Customer preference modelling using projection to latent structures in an automobile industry
Date of Issue2009
School of Mechanical and Aerospace Engineering
The nature of engineering design today is based on decision-making. With the advancement in communication and information technology, markets are not only global and highly competitive; they are also notably customer-driven. It is imperative for companies to capture this customer-driven market information and translate them into key decisions which are often carried out in the early stages of modern product development cycle. This increased the importance of decisions in engineering design which led to studies revolving decision analysis and multi-attribute decision making methods (MADM) to support decision making. However, MADM are often based on rigorous mathematics, time-consuming and ambiguous in nature. The complexity in their application processes made them deficient in a fast moving market, hence not able to effectively capture changing customer trends and needs. The report aims to bridge this gulf by employing Projection to Latent Structures (PLS) and Customer-revealed value (CRV).PLS is a regression technique that enables the construction of predictive models using various highly collinear factors. CRV is able to capture customer preference by relating demand and prices of the product in a market segment. In this research, a study on the ability of PLS in modeling customer preference in the automobile market will be proposed. The study aims to select the best sedan car model out of 3 models in the U.S market. Predictive PLS models are calibrated based on existing car attributes (input) and CRV (output).New car attributes will then be used as input to these predictive PLS models to model CRV (output).Estimated standard errors calculated based on the difference in the predicted CRV and their real-life values will be used to judge the errors of predictions. In this study, the author proved the usefulness of PLS which may be used as a concept selection method with CRV as the selection parameter. Effective PLS modeling relies on accurate inputs which are within the resource capabilities of most companies. By relating these inputs to a meaningful value such as CRV, companies are able to meet the demands of a fast-moving market today by making quick selection-based decisions which shorten the product development cycle and capture customer needs. The drawbacks of PLS are inherent insensitivity to attributes changes and its inability to pinpoint a critical product attribute. In addition, PLS models are most relevant only in the year which its calibration set is based on. With the considerations of these drawbacks, future work can suggest PLS to be used with techniques such as forecasting to make PLS modeling dynamic in nature. This creates a forecasted PLS model which is able to select present day conceptual designs which could be launched within that forecasted timeframe. It can also be use with MADM on a complementary basis to overcome its insensitivity to attributes changes and pinpointing.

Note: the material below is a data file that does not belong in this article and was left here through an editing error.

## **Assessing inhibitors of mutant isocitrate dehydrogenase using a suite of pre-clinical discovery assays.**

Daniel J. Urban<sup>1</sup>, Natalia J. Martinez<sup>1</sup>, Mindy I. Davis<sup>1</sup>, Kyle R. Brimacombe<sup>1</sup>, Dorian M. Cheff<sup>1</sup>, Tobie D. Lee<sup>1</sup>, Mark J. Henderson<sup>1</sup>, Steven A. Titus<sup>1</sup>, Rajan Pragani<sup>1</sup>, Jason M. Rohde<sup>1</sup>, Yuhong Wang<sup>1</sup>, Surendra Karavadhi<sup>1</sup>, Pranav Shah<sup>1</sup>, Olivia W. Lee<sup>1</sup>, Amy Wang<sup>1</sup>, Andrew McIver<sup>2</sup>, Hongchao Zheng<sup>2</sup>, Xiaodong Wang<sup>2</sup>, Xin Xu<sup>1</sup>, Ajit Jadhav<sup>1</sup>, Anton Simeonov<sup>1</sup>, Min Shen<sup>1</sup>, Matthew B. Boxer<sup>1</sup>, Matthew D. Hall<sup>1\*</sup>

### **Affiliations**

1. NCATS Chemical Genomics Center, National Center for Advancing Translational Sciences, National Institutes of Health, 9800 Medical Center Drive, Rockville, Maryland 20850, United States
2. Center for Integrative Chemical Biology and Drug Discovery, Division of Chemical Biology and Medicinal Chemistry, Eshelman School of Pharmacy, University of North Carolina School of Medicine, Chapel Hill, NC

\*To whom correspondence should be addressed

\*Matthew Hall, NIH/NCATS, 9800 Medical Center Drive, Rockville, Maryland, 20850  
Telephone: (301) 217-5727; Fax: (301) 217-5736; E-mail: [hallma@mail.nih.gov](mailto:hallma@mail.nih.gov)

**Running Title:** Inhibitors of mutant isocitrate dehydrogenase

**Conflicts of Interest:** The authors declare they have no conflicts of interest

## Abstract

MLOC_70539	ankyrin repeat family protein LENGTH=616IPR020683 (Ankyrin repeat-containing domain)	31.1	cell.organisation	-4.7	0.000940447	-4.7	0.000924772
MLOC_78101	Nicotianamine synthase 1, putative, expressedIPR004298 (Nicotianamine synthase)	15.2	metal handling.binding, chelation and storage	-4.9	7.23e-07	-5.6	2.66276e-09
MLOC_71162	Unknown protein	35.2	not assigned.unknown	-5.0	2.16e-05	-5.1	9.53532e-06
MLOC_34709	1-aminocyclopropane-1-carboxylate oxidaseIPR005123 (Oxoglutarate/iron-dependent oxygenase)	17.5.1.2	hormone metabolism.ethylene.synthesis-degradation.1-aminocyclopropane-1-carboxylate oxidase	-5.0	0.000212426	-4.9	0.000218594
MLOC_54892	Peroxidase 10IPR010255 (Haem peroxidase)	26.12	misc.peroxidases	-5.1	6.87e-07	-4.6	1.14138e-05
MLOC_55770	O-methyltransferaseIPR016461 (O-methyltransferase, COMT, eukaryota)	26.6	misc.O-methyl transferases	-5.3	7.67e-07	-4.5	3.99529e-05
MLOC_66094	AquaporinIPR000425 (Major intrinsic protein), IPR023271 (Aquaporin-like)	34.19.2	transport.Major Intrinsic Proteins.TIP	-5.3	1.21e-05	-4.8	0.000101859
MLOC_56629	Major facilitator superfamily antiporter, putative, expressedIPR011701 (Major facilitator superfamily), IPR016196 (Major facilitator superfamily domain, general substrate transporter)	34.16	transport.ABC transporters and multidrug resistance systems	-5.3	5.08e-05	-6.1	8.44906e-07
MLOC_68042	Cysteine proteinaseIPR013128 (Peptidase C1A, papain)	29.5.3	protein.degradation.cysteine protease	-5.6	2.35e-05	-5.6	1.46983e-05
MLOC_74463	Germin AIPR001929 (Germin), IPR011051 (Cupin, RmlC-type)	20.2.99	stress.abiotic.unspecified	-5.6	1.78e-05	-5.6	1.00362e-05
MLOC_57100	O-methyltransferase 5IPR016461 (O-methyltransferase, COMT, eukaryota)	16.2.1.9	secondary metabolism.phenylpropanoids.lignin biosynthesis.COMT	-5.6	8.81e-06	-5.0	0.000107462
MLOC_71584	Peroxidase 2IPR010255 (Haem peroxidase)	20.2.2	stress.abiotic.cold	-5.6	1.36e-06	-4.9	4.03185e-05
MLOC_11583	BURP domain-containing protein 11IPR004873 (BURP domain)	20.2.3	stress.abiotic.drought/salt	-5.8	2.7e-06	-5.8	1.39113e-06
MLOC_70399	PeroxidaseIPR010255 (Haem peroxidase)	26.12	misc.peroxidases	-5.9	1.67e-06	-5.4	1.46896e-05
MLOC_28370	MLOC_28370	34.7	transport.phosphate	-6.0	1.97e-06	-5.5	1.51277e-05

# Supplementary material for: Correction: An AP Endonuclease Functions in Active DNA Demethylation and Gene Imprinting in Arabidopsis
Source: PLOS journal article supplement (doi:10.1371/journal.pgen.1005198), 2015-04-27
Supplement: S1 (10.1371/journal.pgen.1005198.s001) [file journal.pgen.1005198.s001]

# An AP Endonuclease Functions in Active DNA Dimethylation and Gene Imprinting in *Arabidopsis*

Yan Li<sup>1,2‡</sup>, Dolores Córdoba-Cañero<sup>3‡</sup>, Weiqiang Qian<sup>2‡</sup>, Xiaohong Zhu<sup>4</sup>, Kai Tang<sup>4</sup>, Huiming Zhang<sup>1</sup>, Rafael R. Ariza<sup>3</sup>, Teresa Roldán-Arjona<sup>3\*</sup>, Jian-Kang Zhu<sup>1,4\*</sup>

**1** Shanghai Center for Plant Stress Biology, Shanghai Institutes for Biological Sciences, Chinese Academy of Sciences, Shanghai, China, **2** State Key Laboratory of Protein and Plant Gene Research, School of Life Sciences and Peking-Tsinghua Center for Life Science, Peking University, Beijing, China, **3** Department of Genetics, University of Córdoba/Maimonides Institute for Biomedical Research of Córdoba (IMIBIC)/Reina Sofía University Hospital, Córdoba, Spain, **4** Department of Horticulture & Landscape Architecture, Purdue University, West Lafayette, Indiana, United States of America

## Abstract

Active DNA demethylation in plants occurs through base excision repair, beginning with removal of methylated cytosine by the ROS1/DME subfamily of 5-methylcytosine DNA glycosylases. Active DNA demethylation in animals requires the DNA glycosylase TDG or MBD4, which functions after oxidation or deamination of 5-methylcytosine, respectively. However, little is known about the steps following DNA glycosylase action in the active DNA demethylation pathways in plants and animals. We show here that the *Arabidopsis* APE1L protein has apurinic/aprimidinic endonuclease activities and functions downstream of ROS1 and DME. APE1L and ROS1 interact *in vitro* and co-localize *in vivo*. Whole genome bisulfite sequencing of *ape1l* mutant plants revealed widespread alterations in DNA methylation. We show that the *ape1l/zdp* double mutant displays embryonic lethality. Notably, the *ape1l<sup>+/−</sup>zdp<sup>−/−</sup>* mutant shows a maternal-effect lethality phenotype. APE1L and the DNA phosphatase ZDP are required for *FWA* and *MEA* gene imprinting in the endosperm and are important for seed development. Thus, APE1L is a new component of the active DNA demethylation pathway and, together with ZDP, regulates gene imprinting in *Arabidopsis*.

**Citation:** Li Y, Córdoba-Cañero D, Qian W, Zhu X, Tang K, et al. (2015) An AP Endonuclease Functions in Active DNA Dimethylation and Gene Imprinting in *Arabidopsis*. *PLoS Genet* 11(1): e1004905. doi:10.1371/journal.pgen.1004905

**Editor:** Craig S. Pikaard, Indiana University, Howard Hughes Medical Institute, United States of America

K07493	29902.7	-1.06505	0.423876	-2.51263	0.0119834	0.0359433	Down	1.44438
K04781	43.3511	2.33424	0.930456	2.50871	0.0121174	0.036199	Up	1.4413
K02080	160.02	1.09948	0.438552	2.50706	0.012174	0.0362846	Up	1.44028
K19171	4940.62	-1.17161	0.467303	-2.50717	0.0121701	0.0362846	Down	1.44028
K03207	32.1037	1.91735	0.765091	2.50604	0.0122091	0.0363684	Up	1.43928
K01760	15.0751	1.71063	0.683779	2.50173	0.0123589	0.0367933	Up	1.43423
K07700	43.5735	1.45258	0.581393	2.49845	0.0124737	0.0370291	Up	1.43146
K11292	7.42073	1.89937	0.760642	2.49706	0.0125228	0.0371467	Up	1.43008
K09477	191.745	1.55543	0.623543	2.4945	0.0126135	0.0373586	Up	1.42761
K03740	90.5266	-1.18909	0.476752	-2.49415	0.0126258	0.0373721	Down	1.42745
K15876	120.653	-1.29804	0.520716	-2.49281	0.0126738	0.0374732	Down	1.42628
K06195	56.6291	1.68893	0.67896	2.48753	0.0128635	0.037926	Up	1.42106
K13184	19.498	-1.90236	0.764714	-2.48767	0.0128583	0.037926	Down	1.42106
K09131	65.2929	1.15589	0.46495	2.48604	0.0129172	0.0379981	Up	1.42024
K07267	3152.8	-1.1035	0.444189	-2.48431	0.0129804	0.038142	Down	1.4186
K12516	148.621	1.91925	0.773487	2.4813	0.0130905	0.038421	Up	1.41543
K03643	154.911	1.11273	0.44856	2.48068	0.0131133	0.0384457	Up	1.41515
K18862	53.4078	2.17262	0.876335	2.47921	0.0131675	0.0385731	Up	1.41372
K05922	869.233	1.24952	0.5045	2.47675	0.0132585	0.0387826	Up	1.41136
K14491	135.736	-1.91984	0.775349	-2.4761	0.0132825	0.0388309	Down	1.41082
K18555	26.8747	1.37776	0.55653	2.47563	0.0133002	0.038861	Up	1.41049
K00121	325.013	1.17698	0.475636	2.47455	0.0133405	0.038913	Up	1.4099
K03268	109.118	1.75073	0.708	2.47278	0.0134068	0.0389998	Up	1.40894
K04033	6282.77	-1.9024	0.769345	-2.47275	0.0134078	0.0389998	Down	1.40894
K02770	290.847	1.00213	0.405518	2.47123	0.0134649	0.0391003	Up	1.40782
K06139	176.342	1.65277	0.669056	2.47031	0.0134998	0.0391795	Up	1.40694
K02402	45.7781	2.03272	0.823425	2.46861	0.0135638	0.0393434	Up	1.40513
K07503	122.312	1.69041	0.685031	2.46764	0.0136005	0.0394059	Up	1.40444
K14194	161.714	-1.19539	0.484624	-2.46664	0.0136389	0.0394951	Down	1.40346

Final Year Project (FYP)
Nanyang Technological University